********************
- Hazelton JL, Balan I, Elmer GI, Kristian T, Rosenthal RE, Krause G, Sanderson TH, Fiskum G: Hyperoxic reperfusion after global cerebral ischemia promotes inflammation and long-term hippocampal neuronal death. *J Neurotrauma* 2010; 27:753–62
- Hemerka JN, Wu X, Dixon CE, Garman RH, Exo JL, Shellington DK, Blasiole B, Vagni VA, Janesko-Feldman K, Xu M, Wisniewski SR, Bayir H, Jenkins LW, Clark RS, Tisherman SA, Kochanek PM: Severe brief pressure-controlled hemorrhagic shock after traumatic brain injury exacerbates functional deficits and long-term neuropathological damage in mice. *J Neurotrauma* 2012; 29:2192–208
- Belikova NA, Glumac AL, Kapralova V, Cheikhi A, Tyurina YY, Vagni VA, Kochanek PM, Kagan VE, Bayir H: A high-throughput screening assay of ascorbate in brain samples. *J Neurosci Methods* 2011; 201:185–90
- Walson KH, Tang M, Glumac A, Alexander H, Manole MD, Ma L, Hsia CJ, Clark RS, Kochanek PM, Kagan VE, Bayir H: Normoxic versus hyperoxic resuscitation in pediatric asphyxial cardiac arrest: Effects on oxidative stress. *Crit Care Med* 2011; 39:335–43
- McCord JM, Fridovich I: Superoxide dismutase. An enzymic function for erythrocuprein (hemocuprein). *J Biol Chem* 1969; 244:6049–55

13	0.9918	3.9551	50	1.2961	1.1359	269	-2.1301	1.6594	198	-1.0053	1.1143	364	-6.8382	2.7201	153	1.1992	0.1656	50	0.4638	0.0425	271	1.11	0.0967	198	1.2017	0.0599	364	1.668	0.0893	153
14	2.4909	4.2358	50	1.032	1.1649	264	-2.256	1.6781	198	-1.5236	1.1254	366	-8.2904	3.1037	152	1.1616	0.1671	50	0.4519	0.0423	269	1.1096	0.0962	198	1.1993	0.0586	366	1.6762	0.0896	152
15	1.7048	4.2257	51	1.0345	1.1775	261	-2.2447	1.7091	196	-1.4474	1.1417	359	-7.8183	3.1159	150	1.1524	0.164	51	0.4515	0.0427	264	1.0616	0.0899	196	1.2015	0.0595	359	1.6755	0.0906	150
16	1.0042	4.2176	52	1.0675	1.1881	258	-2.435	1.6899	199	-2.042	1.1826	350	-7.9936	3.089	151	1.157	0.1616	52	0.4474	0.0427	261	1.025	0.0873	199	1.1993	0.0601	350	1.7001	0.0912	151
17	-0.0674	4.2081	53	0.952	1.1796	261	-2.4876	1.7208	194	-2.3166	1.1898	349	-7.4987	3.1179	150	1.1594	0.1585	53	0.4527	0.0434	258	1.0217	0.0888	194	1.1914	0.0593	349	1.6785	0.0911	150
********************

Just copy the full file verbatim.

- Hazelton JL, Balan I, Elmer GI, Kristian T, Rosenthal RE, Krause G, Sanderson TH, Fiskum G: Hyperoxic reperfusion after global cerebral ischemia promotes inflammation and long-term hippocampal neuronal death. *J Neurotrauma* 2010; 27:753–62
- Hemerka JN, Wu X, Dixon CE, Garman RH, Exo JL, Shellington DK, Blasiole B, Vagni VA, Janesko-Feldman K, Xu M, Wisniewski SR, Bayir H, Jenkins LW, Clark RS, Tisherman SA, Kochanek PM: Severe brief pressure-controlled hemorrhagic shock after traumatic brain injury exacerbates functional deficits and long-term neuropathological damage in mice. *J Neurotrauma* 2012; 29:2192–208
- Belikova NA, Glumac AL, Kapralova V, Cheikhi A, Tyurina YY, Vagni VA, Kochanek PM, Kagan VE, Bayir H: A high-throughput screening assay of ascorbate in brain samples. *J Neurosci Methods* 2011; 201:185–90
- Walson KH, Tang M, Glumac A, Alexander H, Manole MD, Ma L, Hsia CJ, Clark RS, Kochanek PM, Kagan VE, Bayir H: Normoxic versus hyperoxic resuscitation in pediatric asphyxial cardiac arrest: Effects on oxidative stress. *Crit Care Med* 2011; 39:335–43
- McCord JM, Fridovich I: Superoxide dismutase. An enzymic function for erythrocuprein (hemocuprein). *J Biol Chem* 1969; 244:6049–55

13	0.9918	3.9551	50	1.2961	1.1359	269	-2.1301	1.6594	198	-1.0053	1.1143	364	-6.8382	2.7201	153	1.1992	0.1656	50	0.4638	0.0425	271	1.11	0.0967	198	1.2017	0.0599	364	1.668	0.0893	153
14	2.4909	4.2358	50	1.032	1.1649	264	-2.256	1.6781	198	-1.5236	1.1254	366	-8.2904	3.1037	152	1.1616	0.1671	50	0.4519	0.0423	269	1.1096	0.0962	198	1.1993	0.0586	366	1.6762	0.0896	152
15	1.7048	4.2257	51	1.0345	1.1775	261	-2.2447	1.7091	196	-1.4474	1.1417	359	-7.8183	3.1159	150	1.1524	0.164	51	0.4515	0.0427	264	1.0616	0.0899	196	1.2015	0.0595	359	1.6755	0.0906	150
16	1.0042	4.2176	52	1.0675	1.1881	258	-2.435	1.6899	199	-2.042	1.1826	350	-7.9936	3.089	151	1.157	0.1616	52	0.4474	0.0427	261	1.025	0.0873	199	1.1993	0.0601	350	1.7001	0.0912	151
17	-0.0674	4.2081	53	0.952	1.1796	261	-2.4876	1.7208	194	-2.3166	1.1898	349	-7.4987	3.1179	150	1.1594	0.1585	53	0.4527	0.0434	258	1.0217	0.0888	194	1.1914	0.0593	349	1.6785	0.0911	150